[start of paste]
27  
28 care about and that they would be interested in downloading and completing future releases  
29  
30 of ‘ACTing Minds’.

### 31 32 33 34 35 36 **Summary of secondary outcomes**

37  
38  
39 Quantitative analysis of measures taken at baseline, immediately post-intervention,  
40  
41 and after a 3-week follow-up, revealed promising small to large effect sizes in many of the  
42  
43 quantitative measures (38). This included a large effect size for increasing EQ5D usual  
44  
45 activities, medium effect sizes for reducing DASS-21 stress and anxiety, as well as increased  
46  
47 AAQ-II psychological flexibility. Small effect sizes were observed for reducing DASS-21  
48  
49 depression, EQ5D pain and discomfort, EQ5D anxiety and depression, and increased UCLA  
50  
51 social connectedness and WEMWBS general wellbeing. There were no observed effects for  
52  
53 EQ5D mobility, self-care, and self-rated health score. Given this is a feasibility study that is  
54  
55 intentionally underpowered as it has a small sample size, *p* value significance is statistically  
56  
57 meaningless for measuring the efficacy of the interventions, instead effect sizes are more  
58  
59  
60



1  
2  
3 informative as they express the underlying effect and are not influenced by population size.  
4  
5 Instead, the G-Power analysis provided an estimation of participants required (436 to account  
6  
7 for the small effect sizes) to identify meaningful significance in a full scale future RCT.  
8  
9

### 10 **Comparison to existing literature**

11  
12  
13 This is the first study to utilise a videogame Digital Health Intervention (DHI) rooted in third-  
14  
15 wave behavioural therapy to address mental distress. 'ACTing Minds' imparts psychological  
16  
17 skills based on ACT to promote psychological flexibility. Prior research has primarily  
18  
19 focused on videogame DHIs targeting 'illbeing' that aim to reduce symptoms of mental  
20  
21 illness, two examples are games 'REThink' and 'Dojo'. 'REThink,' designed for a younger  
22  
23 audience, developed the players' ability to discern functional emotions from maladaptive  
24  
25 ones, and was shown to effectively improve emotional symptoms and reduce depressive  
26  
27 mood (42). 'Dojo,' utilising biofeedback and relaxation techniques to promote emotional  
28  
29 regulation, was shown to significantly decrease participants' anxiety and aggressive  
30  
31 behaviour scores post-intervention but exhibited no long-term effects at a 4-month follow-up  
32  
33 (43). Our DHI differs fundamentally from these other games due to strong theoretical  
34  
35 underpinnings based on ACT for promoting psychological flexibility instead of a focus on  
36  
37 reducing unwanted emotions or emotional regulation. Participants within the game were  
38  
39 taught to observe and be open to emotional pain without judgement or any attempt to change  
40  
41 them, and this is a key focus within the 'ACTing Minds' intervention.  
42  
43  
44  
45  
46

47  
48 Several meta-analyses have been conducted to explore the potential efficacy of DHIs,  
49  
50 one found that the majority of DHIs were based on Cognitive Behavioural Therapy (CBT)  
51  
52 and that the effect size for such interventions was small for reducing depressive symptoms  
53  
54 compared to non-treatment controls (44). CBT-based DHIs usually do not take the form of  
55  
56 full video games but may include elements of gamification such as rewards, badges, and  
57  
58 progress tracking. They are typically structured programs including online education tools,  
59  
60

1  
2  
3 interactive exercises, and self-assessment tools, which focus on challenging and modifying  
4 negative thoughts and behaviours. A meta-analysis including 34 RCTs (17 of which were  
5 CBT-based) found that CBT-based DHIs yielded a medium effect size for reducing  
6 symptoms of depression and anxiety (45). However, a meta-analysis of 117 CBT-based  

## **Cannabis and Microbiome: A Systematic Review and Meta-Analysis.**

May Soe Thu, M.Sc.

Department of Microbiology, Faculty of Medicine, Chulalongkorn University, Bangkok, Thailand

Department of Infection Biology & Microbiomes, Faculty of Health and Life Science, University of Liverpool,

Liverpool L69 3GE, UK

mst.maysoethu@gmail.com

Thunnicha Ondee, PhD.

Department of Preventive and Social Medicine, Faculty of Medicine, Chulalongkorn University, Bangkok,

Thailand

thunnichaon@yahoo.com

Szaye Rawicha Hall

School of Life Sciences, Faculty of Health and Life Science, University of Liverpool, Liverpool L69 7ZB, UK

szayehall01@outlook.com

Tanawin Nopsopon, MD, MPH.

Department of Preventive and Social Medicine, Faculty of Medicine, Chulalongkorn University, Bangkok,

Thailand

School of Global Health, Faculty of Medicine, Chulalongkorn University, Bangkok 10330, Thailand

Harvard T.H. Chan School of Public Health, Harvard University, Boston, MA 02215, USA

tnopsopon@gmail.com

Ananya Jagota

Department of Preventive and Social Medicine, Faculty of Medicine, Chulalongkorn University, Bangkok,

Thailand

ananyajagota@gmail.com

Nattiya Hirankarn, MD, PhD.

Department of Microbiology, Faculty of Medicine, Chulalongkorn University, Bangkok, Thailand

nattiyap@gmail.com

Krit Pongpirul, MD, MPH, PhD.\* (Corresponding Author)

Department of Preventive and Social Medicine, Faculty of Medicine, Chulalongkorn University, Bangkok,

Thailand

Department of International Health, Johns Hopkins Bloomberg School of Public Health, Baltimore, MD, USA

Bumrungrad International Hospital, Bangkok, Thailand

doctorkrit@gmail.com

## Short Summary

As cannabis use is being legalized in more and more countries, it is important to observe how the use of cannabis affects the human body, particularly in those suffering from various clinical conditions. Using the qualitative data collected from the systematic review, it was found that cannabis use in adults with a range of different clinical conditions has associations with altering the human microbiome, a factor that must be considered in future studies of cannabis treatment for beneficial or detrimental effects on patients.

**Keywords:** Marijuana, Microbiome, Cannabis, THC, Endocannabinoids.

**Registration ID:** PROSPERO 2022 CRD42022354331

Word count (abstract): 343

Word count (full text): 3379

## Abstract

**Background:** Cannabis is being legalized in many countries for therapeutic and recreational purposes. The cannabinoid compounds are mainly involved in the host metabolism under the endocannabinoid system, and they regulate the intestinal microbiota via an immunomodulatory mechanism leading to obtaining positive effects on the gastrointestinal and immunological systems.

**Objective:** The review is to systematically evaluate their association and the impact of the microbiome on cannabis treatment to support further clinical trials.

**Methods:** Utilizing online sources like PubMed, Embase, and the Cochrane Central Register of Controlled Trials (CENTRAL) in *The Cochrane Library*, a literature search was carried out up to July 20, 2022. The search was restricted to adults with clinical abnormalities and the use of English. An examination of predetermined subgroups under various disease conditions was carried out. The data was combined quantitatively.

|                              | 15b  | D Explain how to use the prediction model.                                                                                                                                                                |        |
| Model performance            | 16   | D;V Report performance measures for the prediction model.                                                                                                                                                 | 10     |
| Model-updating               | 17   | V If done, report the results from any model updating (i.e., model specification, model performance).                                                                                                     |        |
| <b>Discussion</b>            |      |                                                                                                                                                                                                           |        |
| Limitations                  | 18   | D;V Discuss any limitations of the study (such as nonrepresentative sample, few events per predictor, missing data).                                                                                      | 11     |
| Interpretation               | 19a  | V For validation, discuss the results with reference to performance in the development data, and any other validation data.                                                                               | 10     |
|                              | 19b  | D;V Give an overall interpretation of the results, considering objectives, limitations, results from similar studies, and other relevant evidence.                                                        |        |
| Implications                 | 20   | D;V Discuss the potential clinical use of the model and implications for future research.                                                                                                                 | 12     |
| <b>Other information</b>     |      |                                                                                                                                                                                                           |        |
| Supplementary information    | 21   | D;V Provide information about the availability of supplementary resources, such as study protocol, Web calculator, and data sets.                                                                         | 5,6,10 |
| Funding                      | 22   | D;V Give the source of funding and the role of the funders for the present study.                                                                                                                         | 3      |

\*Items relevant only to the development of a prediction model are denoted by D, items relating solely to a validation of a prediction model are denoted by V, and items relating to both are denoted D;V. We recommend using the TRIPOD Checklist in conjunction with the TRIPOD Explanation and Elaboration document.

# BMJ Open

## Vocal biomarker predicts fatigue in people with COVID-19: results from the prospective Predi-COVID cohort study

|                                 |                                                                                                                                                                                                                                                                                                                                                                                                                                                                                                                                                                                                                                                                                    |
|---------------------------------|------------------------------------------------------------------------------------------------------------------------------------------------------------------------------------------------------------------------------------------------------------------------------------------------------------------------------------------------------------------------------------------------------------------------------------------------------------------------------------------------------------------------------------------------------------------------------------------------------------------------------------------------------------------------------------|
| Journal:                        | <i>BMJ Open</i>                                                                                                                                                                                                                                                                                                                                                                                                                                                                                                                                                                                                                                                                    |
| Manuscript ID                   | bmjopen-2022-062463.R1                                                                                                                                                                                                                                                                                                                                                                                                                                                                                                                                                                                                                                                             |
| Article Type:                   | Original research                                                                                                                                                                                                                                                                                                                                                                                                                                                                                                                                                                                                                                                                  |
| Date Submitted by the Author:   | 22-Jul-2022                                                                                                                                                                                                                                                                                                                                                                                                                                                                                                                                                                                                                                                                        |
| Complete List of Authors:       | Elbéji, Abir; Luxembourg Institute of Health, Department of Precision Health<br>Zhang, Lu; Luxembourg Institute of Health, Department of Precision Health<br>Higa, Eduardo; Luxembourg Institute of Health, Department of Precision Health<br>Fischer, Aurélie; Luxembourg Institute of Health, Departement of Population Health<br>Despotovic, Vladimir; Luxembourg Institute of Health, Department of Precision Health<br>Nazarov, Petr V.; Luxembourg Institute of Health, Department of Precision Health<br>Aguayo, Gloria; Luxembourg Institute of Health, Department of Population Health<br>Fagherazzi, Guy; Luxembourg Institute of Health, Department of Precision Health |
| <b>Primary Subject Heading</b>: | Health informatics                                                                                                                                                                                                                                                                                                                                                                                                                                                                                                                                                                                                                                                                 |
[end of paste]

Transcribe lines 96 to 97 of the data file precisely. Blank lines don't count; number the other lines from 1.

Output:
## **Cannabis and Microbiome: A Systematic Review and Meta-Analysis.**

May Soe Thu, M.Sc.